A new study from the National Institutes of Health found that almost 5% of Americans surveyed had undiagnosed Covid-19 last summer — which amounts to almost 17 million cases that were not counted. This finding, which is currently undergoing peer review ahead of journal publication, suggests the pandemic was much more widespread in the U.S. than previously thought.
For most respiratory viruses, “the true extent of the spread is really not known until after the outbreaks occur,” says study senior author Kaitlyn Sadtler, an immunologist at the NIH and Forbes 30 Under 30 alumna. “It is after those waves that we really learn the damage that was done in terms of case numbers.”
The study surveyed more than 11,000 Americans who had not previously been diagnosed with Covid-19. The researchers took blood samples from volunteers between May and July 2020 and analyzed the blood samples for antibodies against Covid-19. They found that 4.6% of the study participants had antibodies to Covid-19 even though they had never been diagnosed with the illness, which amounts to 4.8 undiagnosed cases of Covid-19 for every diagnosed case over the summer of 2020— or almost 17 million cases that went undetected by mid-July 2020.
Though official counts vary, there have been about 26 million cases of COvid-19 reported in the U.S. since the beginning of the pandemic. But for months, experts have warned that the actual number of cases is much higher. “[The study] gives us a window into the beginning of the pandemic,” Sadtler says. She says that while some of these volunteers reported being sick at some point during 2020, many did not report any illness at all.
Some researchers estimate that about 30-40% of Covid-19 cases are asymptomatic, meaning that people don’t have symptoms. This isn’t unusual – other illnesses such as influenza or polio also have high percentages of asymptomatic cases.This has made the pandemic more difficult to contain because even asymptomatic people can be highly contagious. A recent study published in JAMA found that almost 60% of all Covid-19 transmission came from people who were asymptomatic.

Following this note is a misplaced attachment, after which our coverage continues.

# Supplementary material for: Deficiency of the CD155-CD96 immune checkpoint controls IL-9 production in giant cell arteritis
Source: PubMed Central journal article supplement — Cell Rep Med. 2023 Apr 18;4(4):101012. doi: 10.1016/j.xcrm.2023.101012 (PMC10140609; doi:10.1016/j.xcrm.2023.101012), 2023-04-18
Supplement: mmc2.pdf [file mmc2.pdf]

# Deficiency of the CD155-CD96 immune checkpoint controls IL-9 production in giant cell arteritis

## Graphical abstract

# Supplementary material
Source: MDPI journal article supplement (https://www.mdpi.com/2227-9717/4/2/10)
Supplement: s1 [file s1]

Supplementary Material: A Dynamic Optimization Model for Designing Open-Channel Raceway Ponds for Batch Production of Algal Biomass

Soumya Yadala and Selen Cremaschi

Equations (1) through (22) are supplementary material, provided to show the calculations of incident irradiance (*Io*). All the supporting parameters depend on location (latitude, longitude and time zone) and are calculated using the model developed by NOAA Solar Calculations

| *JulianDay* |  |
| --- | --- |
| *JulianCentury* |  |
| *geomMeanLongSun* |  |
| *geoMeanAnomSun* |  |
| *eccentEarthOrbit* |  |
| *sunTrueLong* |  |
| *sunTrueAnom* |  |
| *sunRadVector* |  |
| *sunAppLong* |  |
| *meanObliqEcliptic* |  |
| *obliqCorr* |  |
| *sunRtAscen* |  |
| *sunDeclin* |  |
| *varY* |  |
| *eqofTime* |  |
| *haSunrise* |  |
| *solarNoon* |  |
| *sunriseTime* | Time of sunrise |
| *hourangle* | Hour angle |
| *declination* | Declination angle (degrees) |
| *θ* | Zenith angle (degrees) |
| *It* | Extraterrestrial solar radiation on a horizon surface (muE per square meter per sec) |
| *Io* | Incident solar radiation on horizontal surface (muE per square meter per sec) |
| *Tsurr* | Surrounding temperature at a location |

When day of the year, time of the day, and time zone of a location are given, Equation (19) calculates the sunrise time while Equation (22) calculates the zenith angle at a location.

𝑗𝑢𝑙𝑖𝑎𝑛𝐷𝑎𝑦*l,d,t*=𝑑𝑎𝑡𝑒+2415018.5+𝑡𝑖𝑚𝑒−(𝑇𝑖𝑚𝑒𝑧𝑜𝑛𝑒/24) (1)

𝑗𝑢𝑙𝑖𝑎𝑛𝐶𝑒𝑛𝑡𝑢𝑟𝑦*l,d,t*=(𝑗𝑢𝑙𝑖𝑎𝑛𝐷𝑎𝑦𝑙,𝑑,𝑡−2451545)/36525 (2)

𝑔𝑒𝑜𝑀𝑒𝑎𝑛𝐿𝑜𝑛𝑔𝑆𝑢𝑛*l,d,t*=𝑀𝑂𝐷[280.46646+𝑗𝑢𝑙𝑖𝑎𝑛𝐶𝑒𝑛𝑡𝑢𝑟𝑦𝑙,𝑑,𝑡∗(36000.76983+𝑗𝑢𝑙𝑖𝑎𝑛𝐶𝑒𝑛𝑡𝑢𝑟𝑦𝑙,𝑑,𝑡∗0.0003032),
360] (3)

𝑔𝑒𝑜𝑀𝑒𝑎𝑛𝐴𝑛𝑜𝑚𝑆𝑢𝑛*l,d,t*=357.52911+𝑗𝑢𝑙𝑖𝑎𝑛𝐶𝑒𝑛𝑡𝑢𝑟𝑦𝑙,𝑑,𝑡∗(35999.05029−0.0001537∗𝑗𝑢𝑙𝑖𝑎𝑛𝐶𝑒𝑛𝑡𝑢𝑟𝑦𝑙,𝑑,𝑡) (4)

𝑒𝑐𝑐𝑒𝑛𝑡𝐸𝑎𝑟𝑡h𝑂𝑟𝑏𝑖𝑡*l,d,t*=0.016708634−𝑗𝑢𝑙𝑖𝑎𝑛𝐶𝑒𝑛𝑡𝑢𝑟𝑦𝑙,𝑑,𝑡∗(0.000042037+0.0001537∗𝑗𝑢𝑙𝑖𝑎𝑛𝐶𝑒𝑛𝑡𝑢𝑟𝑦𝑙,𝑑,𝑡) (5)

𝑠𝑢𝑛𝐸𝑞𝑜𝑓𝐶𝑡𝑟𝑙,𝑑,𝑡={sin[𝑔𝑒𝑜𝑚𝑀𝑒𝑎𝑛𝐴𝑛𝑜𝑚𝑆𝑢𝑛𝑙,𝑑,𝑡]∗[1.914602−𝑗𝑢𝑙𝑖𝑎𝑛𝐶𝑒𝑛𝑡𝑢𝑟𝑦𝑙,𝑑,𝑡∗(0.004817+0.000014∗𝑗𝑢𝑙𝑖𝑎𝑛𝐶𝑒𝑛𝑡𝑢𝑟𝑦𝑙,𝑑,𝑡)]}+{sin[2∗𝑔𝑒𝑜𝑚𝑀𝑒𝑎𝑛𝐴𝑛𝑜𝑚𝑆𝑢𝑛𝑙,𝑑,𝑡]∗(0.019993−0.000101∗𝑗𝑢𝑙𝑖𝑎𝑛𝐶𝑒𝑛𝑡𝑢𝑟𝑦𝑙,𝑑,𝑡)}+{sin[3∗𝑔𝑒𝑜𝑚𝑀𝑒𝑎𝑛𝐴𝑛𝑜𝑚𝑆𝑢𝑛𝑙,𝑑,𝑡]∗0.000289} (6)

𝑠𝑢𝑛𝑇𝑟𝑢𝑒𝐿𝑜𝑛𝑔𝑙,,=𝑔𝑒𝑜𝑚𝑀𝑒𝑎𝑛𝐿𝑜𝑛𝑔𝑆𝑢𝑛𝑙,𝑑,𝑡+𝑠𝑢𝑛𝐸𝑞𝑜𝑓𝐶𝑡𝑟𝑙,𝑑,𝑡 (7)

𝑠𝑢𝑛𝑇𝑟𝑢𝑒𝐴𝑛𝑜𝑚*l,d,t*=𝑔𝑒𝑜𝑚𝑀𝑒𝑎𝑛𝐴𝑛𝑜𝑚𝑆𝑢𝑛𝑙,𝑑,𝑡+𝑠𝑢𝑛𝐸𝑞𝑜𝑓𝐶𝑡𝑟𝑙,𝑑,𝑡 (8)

Sadtler says that she hopes other research groups can use the data in this study to understand more about asymptomatic transmission. As for her group, they’ll be following the same volunteers for the next year and taking blood samples twice more. That way, she says, “we can look at the evolution of the antibody responses of these individuals out in the public,” and figure out if and when their antibodies disappear, as well as if new participants get infected with Covid-19.
Like this current paper, the next phase of Sadtler’s research will be focused on data that will be months in the past by the time it is published. Which raises a question: how can researchers and health officials get an accurate picture of how many people are infected with Covid-19 right now? We need to keep doing the things that we know work, Sadtler says, including contact tracing and increased testing. “It’s just investing the time and effort.”
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